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Głównym celem monografii jest prezentacja wyników badań przeprowadzonych przez autora. Problemem podjętym w pracy jest pytanie o mechanizm oddziaływania instytucji na gospodarkę. Celem pracy jest charakterystyka i analiza wpływu instytucji formalnych tworzonych przez państwo na wzrost gospodarczy na przykładzie doświadczeń krajów postsocjalistycznych. W książce przyjęto następującą tezę: postsocjalistyczna transformacja ustrojowa była zmianą instytucjonalną, która była realizowana przez państwo. Państwo w warunkach powstałej po upadku gospodarki centralnie zarządzanej próżni systemowej nie tylko musiało się samo zmienić, ale również musiało wprowadzić instytucje państwa niezbędne do właściwego funkcjonowania demokratycznej gospodarki rynkowej. https://www.ceeol.com/search/book-detail?id=758185
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This paper develops a political economy framework to analyse the relations among democracy, financial regulation and banking competition in the emerging banking systems of Central and Eastern Europe. We develop extensive new yearly non-structural indices of bank competition instead of concentration indices as in the previous literature that show its evolution over time with the level of democracy. In addition, we directly test for linkages between democracy, financial regulation and banking competition. Using an unbalanced panel data set over the period 1994–2016 for 617 banks, we show that more democratic countries with better regulatory framework lead to the enhancement of competition. We also find significant support for the core hypothesis that financial regulatory framework in a “partially” democratic environment is inadequate. Given that financial regulatory framework in a “partially” democratic environment can be inadequate we find a U-shaped relation in the sense that there is a threshold level of democracy beyond which banking systems in those countries are more competitive.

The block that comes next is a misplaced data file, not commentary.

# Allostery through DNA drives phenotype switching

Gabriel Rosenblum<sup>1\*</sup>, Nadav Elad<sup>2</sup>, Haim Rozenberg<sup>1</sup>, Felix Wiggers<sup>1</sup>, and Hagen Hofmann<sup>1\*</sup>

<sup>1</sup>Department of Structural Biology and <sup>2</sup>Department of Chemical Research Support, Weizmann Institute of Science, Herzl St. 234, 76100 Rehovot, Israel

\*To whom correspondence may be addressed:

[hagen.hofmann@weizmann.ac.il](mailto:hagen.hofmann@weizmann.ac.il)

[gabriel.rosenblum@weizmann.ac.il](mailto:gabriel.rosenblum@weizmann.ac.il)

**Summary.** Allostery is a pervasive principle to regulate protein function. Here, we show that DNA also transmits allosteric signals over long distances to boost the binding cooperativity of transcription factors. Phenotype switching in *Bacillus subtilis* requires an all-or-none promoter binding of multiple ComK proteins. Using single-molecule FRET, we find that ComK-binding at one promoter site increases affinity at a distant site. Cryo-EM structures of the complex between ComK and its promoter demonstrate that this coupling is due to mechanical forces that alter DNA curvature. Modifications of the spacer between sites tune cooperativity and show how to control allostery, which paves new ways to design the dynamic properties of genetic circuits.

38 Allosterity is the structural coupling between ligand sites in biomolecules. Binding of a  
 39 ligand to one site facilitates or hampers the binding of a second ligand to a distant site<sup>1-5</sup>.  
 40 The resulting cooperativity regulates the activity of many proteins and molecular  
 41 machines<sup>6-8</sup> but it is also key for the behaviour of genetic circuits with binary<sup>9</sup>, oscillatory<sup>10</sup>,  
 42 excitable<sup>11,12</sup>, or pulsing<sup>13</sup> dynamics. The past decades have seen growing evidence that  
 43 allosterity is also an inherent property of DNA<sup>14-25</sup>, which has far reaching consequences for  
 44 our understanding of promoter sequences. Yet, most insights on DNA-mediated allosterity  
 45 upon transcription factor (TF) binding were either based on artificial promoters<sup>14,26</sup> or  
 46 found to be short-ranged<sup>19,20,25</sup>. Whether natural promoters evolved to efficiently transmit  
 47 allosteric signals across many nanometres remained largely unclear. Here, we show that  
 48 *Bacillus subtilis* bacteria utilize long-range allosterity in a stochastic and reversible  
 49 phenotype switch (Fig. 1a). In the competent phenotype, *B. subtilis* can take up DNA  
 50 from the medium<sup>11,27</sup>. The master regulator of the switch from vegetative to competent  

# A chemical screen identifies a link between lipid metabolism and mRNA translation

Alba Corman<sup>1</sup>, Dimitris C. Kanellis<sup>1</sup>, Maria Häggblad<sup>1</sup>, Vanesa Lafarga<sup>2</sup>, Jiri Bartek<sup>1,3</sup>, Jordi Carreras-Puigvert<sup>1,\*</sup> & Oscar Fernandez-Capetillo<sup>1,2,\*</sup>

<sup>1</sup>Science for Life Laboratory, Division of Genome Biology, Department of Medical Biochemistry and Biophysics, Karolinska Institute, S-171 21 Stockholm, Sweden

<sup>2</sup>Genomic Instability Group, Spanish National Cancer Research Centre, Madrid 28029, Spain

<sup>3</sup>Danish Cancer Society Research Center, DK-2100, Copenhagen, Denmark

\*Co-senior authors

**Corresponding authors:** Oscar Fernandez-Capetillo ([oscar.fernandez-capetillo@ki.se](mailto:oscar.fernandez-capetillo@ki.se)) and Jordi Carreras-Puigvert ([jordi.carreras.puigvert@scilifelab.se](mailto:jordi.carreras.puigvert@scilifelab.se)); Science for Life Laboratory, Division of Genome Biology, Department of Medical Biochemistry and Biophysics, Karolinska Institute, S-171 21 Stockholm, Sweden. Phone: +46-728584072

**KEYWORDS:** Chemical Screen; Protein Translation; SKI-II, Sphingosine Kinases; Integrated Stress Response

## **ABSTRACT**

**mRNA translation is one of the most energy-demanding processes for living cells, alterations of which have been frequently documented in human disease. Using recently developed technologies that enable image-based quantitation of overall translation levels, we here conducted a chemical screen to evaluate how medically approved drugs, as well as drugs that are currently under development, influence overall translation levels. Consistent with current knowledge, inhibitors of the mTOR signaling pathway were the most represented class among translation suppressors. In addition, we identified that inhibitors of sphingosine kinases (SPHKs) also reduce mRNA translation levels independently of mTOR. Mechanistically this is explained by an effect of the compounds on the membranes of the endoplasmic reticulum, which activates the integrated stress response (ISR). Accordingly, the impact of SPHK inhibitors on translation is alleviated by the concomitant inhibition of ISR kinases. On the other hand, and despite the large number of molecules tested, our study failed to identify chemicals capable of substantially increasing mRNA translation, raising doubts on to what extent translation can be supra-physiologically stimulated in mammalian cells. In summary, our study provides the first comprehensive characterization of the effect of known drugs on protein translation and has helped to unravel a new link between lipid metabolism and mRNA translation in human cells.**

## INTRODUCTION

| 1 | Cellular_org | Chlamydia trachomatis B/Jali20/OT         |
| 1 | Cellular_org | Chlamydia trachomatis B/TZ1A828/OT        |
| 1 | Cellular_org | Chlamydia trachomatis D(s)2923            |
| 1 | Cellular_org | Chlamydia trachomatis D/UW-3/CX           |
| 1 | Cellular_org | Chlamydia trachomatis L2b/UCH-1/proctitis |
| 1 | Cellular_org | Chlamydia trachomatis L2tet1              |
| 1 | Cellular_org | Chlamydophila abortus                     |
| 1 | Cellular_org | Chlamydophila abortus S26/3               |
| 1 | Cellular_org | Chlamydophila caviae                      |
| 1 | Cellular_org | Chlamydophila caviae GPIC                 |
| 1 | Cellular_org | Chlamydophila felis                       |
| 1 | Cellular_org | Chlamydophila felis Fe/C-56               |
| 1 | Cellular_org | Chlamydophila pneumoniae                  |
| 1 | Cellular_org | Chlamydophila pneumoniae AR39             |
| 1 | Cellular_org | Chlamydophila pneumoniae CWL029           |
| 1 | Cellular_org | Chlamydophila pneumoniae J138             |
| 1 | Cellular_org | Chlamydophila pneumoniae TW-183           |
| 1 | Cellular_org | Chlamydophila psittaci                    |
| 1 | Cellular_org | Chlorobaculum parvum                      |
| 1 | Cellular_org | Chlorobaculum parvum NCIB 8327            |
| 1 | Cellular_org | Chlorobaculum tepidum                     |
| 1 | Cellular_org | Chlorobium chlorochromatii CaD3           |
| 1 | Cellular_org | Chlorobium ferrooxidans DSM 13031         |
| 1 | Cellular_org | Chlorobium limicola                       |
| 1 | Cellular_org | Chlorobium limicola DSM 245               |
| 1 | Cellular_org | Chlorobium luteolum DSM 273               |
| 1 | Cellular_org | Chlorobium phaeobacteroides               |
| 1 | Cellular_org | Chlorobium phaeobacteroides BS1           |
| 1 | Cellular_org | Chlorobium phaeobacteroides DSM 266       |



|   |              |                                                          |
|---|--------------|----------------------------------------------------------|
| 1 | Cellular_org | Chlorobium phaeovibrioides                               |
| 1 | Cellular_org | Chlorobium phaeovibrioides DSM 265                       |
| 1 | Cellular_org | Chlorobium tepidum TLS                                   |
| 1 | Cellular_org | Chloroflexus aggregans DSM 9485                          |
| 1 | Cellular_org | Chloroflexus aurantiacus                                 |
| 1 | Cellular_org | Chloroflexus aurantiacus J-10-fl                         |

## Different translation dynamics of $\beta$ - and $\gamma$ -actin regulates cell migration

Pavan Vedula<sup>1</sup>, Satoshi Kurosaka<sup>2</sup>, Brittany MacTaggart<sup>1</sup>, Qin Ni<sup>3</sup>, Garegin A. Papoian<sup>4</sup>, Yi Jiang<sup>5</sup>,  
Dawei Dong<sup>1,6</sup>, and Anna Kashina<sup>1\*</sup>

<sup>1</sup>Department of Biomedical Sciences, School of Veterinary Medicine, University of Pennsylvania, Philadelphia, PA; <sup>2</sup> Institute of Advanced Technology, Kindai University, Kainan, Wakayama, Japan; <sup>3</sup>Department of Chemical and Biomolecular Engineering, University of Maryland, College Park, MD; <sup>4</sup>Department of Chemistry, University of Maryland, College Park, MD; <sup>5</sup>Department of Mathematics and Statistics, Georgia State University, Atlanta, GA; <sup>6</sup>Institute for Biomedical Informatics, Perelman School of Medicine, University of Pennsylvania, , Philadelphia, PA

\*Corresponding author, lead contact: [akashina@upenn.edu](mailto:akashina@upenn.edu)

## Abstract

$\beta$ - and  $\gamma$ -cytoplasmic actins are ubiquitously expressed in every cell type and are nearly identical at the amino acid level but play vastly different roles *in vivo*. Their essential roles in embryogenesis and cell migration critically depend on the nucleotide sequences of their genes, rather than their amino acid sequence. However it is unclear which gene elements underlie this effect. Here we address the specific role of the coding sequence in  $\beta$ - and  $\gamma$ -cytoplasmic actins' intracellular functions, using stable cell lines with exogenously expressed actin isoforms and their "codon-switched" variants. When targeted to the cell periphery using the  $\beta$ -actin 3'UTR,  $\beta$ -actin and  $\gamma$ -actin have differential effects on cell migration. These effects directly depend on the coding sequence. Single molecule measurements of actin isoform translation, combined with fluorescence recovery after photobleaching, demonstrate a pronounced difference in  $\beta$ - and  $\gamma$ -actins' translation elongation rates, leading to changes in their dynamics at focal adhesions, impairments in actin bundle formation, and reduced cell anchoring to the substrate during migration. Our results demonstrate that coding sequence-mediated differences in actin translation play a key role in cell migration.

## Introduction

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After the 1990 unification, East Germany's capital income share plunged to 15.2% in 1991, then increased to 37.4% by 2015. To account for these large changes in the capital share, I model an economy that gains access to a higher productivity technology embodied in new plants. As existing low productivity plants decrease production, the capital share varies due to the nonconvex production technology: plants require a minimum amount of labor to produce output. Two policies—transfers and government‐mandated wage increases—have opposite effects on output growth, but contribute to lowering the capital share early in the transition. (JEL E20, E25, O11)
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Central Asia both of which became politically independent in 1991 resemble each other with respect to social-cultural life. The most remarkable difference between them is of richness in terms of natural resources. In the 15 years process, a substantial jump in Central Asia economies has been observed while Kyrgyzstan and Tajikistan economies could even not reach its income level in 1991. Despite these differences in terms of economic structure, it is seen that of them have a tendency to get increasingly indebted and has no direct contribution to their economic growth.